A choice in Atlanta, but Democrats
have even weightier decisions
In a few days we will know who will lead the Democratic Party for the next few years. The Democratic National Committee, an elite and discredited body, will be meeting in Atlanta to choose its next party chair. There is nothing particularly democratic about the process, even though it will be an election and most of those voting will have been elected in some sort of fashion. Party leadership selection processes have been rigged in state after state to give us the DNC membership, and much of the DNC membership cares infinitely more about “the donor base” than the party’s rank-and-file. But then, history has many examples of good leaders arising from bad systems.
In a way, we know who might be elected and which of their opinions and accomplishments have been recorded. Those might be predictors, but Americans are in a strange situation and we really don’t know where the new party leader may take the Democrats. The chair whose election some expected to be a disaster could turn out to be a remarkably great leader, or the opposite thing might happen.
The worst of all directions would be into a messy divorce from reality such as the Republicans have undergone. The pretense that greater prosperity for the wealthiest Americans would trickle on most Americans, the notion that picking a fight with Russia would be a wise course of action, the presumption that everyone shares the DNC members’ passions — these are all recipes for disunity, disarray and further defeats. Democrats face a period of legal and physical repression, vote suppression in many forms and venomous hatreds of many sorts being spat in many directions. A grab bag of identity politics will not substitute for solidarity. A legal strategy aimed at rigging the 2020 presidential candidate selection will not substitute for an across-the-board defense of voting rights in the courts and legislatures. Mimicry of the John Birch Society of old with specious accusations of treason will not give Democrats the patriotic credentials that only a wise and tenacious defense of the national interests can bestow.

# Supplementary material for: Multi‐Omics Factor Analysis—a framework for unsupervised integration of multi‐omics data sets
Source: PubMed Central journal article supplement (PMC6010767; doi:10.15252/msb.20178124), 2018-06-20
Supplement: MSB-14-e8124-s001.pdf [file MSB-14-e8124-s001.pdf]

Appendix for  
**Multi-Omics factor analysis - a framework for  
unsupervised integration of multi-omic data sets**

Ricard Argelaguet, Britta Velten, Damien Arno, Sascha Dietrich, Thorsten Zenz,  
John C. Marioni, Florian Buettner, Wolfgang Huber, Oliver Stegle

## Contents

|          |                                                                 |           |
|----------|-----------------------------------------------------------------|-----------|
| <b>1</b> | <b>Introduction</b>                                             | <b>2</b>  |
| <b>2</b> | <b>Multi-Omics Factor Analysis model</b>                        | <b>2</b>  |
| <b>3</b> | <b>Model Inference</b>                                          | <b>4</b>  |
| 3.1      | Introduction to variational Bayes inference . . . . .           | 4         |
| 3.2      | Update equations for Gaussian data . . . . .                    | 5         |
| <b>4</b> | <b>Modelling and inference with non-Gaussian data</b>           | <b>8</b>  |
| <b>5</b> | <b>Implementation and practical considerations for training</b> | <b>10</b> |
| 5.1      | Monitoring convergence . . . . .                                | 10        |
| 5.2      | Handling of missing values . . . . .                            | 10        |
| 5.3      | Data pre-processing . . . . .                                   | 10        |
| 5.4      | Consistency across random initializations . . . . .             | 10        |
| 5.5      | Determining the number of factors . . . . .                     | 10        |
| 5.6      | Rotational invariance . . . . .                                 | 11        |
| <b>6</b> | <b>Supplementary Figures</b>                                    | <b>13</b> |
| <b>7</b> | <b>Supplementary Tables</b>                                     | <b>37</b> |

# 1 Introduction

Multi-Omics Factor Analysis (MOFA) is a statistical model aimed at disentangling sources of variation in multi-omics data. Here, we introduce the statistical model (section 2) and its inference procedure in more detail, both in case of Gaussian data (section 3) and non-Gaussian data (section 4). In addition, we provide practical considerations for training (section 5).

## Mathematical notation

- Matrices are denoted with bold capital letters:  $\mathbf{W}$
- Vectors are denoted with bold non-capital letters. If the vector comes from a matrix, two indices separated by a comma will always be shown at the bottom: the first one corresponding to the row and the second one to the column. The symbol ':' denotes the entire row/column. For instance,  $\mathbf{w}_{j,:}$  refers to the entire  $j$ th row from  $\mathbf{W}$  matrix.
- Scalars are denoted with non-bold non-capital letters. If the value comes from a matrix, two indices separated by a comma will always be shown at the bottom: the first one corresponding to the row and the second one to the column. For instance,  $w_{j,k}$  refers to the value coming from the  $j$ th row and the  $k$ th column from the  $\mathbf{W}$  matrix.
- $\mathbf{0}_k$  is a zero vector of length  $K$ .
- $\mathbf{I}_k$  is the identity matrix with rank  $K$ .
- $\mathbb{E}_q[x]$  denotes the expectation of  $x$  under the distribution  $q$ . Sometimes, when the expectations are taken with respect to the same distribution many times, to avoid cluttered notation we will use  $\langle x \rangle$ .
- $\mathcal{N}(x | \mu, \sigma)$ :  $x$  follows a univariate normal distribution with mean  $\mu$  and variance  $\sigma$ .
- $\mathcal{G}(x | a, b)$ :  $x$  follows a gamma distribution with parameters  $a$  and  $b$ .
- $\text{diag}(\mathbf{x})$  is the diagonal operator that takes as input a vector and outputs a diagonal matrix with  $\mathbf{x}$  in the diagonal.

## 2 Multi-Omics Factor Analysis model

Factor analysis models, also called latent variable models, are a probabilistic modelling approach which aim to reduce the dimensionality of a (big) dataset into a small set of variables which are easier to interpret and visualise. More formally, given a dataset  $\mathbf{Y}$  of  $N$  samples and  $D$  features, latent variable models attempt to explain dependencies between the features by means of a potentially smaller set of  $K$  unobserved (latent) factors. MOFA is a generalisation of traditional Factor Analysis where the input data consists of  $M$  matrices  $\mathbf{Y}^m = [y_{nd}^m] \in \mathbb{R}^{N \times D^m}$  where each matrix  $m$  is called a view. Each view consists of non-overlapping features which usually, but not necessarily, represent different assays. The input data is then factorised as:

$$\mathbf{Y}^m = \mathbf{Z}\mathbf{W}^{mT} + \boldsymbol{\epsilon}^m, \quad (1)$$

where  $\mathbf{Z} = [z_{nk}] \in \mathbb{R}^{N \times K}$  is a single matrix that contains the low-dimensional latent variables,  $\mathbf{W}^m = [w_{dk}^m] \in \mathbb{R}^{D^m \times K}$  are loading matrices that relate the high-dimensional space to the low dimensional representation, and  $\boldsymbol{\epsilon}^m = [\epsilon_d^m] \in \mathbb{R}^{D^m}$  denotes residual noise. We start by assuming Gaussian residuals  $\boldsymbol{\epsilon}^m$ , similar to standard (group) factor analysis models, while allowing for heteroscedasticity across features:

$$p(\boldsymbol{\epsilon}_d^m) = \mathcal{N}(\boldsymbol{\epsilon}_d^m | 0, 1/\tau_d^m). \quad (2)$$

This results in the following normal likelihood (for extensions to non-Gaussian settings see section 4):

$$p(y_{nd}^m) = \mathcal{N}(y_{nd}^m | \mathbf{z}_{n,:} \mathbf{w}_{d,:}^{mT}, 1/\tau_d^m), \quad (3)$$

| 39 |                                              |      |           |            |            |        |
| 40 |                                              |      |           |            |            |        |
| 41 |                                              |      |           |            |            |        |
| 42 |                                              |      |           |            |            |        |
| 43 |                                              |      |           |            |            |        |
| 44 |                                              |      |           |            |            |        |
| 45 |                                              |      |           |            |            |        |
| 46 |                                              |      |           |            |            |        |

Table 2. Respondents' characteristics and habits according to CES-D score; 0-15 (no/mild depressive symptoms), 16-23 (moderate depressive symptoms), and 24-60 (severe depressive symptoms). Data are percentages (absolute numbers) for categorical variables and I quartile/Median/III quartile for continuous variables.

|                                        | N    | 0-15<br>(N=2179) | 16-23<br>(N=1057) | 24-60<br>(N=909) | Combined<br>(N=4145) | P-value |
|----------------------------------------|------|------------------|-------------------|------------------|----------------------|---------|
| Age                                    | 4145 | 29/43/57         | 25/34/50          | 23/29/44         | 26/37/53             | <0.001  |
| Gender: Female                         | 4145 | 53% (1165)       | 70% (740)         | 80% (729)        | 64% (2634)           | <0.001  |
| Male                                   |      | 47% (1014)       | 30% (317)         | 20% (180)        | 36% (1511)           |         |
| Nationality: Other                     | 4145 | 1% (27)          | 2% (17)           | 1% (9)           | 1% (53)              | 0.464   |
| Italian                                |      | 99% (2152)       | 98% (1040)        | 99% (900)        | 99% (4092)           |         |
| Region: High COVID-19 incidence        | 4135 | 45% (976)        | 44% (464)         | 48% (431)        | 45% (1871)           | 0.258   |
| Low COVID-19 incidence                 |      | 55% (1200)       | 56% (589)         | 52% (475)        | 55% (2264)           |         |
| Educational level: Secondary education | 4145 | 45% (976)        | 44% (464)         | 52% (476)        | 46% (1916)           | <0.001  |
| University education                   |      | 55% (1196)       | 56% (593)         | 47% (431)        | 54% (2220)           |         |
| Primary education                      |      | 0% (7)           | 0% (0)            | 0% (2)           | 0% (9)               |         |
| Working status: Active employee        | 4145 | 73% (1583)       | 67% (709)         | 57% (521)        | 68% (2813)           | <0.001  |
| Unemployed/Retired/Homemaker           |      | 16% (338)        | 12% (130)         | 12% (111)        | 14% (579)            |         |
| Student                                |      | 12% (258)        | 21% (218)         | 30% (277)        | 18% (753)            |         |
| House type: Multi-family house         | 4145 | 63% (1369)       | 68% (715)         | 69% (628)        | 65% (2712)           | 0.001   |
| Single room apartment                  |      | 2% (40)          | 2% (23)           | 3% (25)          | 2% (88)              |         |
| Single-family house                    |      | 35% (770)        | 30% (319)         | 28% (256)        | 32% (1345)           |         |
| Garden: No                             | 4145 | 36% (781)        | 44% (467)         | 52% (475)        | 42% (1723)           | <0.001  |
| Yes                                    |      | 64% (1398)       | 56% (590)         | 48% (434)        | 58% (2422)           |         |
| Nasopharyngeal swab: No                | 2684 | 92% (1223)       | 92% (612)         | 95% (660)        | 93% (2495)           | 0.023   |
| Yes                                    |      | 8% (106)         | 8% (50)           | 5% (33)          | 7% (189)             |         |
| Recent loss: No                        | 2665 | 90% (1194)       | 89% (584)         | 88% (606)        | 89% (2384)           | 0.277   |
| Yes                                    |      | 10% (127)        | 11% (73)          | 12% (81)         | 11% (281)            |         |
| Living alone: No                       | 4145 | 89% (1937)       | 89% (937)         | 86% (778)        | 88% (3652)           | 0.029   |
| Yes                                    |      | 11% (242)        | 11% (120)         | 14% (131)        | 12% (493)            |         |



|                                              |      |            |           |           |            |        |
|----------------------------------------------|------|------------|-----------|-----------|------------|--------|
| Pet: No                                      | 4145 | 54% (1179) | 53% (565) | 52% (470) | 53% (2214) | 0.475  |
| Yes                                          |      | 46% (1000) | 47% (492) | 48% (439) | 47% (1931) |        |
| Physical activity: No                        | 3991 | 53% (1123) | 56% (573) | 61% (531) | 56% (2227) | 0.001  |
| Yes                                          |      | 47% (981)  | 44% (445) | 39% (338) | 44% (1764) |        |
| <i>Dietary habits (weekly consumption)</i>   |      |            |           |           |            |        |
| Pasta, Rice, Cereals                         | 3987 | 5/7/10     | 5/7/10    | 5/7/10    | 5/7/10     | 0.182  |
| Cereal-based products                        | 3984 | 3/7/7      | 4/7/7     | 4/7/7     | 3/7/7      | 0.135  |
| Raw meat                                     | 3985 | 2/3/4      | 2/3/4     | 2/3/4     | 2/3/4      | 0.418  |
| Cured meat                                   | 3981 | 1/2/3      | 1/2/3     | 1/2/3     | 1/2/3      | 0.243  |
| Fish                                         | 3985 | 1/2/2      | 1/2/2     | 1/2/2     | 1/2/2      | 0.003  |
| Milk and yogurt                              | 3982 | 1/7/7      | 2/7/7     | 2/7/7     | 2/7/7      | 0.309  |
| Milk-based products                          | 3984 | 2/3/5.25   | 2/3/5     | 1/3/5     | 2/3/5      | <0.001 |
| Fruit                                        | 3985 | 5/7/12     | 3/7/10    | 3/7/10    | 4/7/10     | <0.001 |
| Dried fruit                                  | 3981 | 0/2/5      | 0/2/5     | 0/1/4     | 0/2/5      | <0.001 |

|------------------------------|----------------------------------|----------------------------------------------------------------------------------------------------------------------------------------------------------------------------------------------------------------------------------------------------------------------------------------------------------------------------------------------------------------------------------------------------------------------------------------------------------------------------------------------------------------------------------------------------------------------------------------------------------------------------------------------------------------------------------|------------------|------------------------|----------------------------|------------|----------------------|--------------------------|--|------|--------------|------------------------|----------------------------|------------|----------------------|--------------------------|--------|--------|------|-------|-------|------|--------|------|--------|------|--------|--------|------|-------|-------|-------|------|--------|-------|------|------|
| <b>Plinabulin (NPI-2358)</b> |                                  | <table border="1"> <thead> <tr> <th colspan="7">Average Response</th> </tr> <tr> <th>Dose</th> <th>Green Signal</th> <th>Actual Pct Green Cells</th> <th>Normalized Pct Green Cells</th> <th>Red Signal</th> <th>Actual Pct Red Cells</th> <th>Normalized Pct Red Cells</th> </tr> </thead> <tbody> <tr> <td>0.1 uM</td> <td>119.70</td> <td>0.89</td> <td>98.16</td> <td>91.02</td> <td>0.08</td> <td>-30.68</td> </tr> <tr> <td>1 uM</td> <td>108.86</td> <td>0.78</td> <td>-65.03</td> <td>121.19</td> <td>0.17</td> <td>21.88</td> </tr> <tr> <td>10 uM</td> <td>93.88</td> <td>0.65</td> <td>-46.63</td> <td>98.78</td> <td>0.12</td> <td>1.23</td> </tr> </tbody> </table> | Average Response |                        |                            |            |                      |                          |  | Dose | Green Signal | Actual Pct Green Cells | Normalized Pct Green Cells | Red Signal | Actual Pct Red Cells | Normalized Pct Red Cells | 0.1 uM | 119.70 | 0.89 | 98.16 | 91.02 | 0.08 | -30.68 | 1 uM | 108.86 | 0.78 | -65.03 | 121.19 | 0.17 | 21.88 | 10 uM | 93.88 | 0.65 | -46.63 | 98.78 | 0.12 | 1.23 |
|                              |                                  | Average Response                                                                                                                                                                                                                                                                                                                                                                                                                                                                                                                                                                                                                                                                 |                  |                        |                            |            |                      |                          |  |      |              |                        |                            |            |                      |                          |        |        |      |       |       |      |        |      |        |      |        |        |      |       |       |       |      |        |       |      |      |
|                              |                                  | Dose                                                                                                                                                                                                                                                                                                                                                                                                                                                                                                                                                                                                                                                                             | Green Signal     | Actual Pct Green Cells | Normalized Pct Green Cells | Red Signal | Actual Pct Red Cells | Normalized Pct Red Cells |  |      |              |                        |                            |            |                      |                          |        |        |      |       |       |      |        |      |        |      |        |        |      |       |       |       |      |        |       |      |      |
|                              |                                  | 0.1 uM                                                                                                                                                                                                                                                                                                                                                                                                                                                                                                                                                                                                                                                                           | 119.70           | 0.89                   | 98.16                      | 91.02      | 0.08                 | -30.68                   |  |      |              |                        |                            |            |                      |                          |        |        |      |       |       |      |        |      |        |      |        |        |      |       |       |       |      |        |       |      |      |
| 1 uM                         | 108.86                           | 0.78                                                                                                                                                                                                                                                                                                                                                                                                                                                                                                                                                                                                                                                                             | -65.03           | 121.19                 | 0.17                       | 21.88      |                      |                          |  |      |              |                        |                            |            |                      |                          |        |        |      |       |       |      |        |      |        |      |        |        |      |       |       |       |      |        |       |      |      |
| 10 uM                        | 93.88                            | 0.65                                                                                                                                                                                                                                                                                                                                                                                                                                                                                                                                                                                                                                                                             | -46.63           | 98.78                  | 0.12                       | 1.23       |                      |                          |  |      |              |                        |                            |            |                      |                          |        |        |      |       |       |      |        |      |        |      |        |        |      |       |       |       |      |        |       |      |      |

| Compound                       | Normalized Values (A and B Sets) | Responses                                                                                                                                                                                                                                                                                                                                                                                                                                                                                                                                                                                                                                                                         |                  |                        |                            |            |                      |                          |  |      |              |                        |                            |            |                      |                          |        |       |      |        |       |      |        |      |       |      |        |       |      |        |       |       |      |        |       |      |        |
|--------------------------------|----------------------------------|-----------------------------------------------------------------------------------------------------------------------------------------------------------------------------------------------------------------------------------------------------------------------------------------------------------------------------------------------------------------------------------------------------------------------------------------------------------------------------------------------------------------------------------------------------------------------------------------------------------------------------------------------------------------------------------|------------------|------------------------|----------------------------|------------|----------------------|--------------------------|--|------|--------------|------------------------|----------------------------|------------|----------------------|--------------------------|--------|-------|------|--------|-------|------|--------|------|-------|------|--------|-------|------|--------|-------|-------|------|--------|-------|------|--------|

The Democratic Party can’t go on as before. “Seasoned leadership” in the direction that the Clintons and their old Democratic Leadership Council took us is bankrupt. The vicious denunciations of the younger generations of voters — and non-voters — that we hear from some Democrats who fancy themselves leaders only mean that these people should be retired from any position of influence. Those who advocate purges of the Bernie supporters need to themselves be left out in the cold. Insurgents who think in terms of the wholesale dismissal of the party’s old guard not only won’t get that but shouldn’t want it.
The tensions between the party’s progressive and corporate wings will continue. They will have to be compromised on many fronts and tentatively decided until the next cycle on others. It’s akin to managing a coalition between liberal capitalists and democratic socialists in a fragmented multi-party democracy. Those sorts of balances are inherent in the US two-party system.
Just don’t wave a machete at him
President Varela, weak on the home front for many reasons, has been invited to meet with Donald Trump in Washington. It’s dangerous, because Panama’s chief executive will be meeting the leader of a far more powerful nation and his counterpart is either dangerously delusional or cynically playing fantasy cards for public consumption. Panama would be an easy demon for the United States to crush.
Trump is likely to make demands that Varela should reject. The only foreign cards that Panama would have to play in that case would be the solidarity of other Latin American republics and the still prevailing sense of decency among our neighbors to the north. Mainly, though, Panama and its president need to look to the Panamanian people for a common sense of purpose, dignity and resolve if we are to resist any unacceptable US demands.
Bear in mind…
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